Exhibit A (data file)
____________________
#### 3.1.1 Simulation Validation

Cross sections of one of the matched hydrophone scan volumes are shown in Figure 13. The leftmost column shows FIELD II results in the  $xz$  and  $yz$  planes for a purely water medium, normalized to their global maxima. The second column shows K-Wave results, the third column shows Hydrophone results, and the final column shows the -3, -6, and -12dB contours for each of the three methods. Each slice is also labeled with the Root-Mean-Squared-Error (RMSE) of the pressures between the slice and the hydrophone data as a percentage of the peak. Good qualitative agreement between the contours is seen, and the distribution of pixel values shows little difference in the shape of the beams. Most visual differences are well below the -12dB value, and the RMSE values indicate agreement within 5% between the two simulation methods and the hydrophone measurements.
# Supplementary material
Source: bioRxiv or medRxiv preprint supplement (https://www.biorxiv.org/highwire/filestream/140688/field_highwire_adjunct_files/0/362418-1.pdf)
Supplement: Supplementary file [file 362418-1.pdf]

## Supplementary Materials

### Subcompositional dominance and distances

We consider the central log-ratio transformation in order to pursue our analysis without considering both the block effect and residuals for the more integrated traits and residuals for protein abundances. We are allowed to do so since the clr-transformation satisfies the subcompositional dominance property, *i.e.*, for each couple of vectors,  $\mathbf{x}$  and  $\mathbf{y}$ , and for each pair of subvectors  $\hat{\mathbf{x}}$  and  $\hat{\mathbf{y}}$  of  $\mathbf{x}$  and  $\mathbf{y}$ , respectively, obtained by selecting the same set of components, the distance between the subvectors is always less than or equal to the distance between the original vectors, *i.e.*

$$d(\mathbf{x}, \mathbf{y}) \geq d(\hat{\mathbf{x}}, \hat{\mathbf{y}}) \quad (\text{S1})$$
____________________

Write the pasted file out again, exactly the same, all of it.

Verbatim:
#### 3.1.1 Simulation Validation

Cross sections of one of the matched hydrophone scan volumes are shown in Figure 13. The leftmost column shows FIELD II results in the  $xz$  and  $yz$  planes for a purely water medium, normalized to their global maxima. The second column shows K-Wave results, the third column shows Hydrophone results, and the final column shows the -3, -6, and -12dB contours for each of the three methods. Each slice is also labeled with the Root-Mean-Squared-Error (RMSE) of the pressures between the slice and the hydrophone data as a percentage of the peak. Good qualitative agreement between the contours is seen, and the distribution of pixel values shows little difference in the shape of the beams. Most visual differences are well below the -12dB value, and the RMSE values indicate agreement within 5% between the two simulation methods and the hydrophone measurements.
# Supplementary material
Source: bioRxiv or medRxiv preprint supplement (https://www.biorxiv.org/highwire/filestream/140688/field_highwire_adjunct_files/0/362418-1.pdf)
Supplement: Supplementary file [file 362418-1.pdf]

## Supplementary Materials

### Subcompositional dominance and distances

We consider the central log-ratio transformation in order to pursue our analysis without considering both the block effect and residuals for the more integrated traits and residuals for protein abundances. We are allowed to do so since the clr-transformation satisfies the subcompositional dominance property, *i.e.*, for each couple of vectors,  $\mathbf{x}$  and  $\mathbf{y}$ , and for each pair of subvectors  $\hat{\mathbf{x}}$  and  $\hat{\mathbf{y}}$  of  $\mathbf{x}$  and  $\mathbf{y}$ , respectively, obtained by selecting the same set of components, the distance between the subvectors is always less than or equal to the distance between the original vectors, *i.e.*

$$d(\mathbf{x}, \mathbf{y}) \geq d(\hat{\mathbf{x}}, \hat{\mathbf{y}}) \quad (\text{S1})$$